The Tasmanian Institute of Agriculture’s (TIA) viticulture and oenology research team is making their mark on the national stage by attracting more than $4.2 million in national wine research funding.
Wine scientists Drs Fiona Kerslake, Anna Carew and Jo Jones are the chief investigators of three major projects and major contributors to a fourth project funded by Wine Australia.
Dr Kerslake says the team’s funding success demonstrates the impact and effectiveness of TIA’s industry-embedded approach.
“Our approach to collaboration and drawing on expertise from different disciplines is highly regarded,” Dr Kerslake said.
“We are advancing Tasmania’s status as an ultra-premium wine producer through industry-driven research that is helping businesses improve their wine through each step of the production process from the vineyard to the glass.
“Our job here is to assist Tasmanian vineyard managers and wine makers to build their reputation and produce premium products through applied scientific knowledge.”
The four Wine Australia research projects are:
- Forecasting bud fruitfulness with spectral analysis: Dr Jo Jones is leading a project that is testing near-infra-red light technology to measure vine bud fruitfulness, i.e., how many bunches of fruit each bud will produce. Currently dormant buds have to be dissected under a microscope to estimate this. Dr Jones’ goal is to develop a hand-help tool that will save time, be more accurate, reduce unnecessary bunch removal during pruning, and produce more consistent yields.
- Developing objective measures of quality for sparkling wine: Dr Fiona Kerslake is leading a four-year research project to analyse what wine-making processes contribute to the flavour, mouthfeel and textural properties of premium sparkling wine. She will analyse a process for making sparkling wine called autolysis where the wine is left in contact with the lees (the sediment of dead yeast cells) after fermentation to age for months or years. The efficiency of this technique, which dates back to Roman times, is being questioned by industry after an expert tasting revealed the so-called ‘autolytic character’ was not clearly distinguishable nor agreed upon from ‘aged wine’. Dr Kerslake will also test a number of novel methods that may hasten flavour development and reduce the time required for autolysis. A concept for in-line sensing of juice quality in the winery will also be tested.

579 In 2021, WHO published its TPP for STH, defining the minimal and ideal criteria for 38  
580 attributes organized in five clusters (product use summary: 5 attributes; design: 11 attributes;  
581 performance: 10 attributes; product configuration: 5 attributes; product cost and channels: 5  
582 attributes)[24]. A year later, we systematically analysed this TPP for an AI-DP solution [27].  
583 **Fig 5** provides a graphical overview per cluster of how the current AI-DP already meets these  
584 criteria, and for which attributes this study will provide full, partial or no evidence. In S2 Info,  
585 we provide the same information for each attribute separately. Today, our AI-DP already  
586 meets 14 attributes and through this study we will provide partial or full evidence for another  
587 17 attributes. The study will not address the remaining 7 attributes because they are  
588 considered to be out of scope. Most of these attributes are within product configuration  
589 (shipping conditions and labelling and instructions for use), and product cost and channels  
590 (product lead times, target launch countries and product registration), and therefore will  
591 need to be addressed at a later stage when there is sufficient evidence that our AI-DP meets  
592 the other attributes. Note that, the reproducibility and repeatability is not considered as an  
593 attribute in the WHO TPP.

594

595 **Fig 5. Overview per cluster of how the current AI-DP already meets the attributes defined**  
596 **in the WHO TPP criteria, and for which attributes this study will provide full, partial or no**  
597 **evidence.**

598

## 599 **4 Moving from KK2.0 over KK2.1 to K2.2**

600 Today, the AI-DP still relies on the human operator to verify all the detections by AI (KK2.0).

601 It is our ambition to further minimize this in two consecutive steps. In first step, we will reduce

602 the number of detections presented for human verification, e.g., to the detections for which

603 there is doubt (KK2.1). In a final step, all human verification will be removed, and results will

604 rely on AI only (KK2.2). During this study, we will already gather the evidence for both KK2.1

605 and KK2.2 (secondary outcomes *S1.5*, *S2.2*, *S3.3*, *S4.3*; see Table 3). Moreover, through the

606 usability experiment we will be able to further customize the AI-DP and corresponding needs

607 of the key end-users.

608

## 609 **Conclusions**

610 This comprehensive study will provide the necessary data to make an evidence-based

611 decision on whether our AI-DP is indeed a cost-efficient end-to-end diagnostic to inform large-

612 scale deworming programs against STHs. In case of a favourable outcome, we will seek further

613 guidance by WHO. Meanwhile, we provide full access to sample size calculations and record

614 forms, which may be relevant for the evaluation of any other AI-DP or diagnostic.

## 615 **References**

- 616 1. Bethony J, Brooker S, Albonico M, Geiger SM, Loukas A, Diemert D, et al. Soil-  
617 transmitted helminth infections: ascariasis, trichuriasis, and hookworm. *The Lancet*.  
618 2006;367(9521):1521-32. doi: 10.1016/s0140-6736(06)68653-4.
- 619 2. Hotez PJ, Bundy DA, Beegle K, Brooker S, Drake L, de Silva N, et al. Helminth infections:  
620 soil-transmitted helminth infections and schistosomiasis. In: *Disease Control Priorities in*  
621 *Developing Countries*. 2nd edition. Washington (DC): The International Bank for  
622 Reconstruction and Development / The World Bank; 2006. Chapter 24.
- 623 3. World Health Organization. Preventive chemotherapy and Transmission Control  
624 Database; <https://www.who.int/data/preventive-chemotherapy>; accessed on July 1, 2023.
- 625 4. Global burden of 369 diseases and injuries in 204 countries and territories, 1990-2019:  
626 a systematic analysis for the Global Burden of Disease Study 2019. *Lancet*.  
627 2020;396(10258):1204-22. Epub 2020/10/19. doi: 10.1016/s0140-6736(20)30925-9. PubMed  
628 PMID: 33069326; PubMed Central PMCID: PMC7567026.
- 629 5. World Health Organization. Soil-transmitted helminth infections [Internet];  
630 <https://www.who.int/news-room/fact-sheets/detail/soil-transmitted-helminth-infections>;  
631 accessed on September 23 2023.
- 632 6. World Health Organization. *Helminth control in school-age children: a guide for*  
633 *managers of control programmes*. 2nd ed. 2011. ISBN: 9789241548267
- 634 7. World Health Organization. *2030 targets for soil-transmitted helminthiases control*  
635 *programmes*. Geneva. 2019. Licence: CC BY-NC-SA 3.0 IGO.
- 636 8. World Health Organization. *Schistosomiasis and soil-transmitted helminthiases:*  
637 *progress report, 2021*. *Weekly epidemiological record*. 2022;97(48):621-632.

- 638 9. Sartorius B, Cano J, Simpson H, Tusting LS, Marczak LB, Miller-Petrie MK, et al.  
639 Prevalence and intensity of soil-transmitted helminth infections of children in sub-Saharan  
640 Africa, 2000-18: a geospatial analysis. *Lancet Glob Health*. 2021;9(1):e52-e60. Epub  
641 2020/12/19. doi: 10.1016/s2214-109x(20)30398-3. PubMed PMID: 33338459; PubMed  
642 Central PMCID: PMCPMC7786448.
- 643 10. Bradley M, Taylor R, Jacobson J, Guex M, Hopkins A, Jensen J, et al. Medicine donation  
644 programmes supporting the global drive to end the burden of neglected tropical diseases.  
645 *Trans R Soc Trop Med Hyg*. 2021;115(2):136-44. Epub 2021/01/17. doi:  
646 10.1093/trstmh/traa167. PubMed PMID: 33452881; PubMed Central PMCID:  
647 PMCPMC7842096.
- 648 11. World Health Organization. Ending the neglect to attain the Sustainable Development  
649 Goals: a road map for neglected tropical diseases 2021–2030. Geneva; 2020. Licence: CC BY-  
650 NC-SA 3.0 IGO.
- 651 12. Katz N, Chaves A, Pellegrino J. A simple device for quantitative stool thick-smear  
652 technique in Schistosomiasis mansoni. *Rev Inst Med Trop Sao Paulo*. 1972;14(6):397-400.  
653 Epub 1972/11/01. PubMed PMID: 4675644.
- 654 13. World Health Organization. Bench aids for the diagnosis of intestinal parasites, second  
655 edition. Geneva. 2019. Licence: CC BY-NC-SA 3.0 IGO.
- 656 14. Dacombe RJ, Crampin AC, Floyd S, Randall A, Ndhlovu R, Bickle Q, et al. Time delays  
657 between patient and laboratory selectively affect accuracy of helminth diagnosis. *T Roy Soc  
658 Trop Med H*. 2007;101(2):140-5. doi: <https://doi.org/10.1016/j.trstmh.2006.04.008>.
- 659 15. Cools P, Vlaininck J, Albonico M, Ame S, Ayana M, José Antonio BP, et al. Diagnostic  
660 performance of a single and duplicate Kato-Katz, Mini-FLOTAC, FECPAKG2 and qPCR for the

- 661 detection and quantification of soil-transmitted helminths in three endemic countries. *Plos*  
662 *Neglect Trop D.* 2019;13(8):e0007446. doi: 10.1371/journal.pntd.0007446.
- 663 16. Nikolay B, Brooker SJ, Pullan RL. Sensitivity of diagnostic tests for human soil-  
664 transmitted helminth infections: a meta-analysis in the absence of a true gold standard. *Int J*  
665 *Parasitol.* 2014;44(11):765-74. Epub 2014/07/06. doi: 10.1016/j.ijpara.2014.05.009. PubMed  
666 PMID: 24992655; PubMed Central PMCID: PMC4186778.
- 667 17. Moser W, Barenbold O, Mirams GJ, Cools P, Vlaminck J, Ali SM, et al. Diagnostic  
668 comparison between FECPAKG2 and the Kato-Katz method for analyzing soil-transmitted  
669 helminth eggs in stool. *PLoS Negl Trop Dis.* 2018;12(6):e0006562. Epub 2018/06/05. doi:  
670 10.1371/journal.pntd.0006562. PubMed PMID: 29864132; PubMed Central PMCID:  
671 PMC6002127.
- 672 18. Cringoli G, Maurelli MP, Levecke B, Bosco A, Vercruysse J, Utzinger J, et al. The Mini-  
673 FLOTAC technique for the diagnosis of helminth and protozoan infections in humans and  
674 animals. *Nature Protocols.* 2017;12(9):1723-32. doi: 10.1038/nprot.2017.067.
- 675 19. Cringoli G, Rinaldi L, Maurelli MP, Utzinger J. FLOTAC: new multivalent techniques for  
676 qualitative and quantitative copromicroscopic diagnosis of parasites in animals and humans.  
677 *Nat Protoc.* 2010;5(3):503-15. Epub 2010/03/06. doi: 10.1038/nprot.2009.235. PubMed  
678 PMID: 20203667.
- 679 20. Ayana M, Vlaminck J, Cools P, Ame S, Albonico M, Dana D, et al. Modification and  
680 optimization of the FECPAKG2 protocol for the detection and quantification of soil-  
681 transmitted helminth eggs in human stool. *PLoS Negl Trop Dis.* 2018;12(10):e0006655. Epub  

- Pinot noir provenance: Dr Anna Carew is leading a project that aims to provide evidence for the uniqueness of Australian pinot noir. This project will generate robust, tangible scientific and qualitative evidence to explain the unique character, quality and provenance of Australia’s emerging premier red wine pinot noir. Once established, the methods developed in this project will be applicable to other red wine varieties.
- Adapting to ongoing climate change: This project aims to develop tools to help wine growers manage short-term climate cycles and long-term climate change. It will be led by the Antarctic Climate Ecosystem CRC in collaboration with TIA, the South Australian Research and Development Institute and CSIRO Marine and Atmospheric Research.
The TIA team will be running a wine- tasting session at Wine Tasmanian’s Ferment 2016 Annual Conference, in Hobart to give winemakers a chance to sample for themselves the effect of novel methods used to extract the colour and tannin from pinot noir grapes to make red wines with deeper, lasting colour.
This research, undertaken by Dr Carew, trialled a number of juice maceration techniques, including ultrasound waves, carbon dioxide or ‘dry ice’, chilling and soaking, and microwave.
TIA is a joint venture between the Tasmanian Government and the University of Tasmania.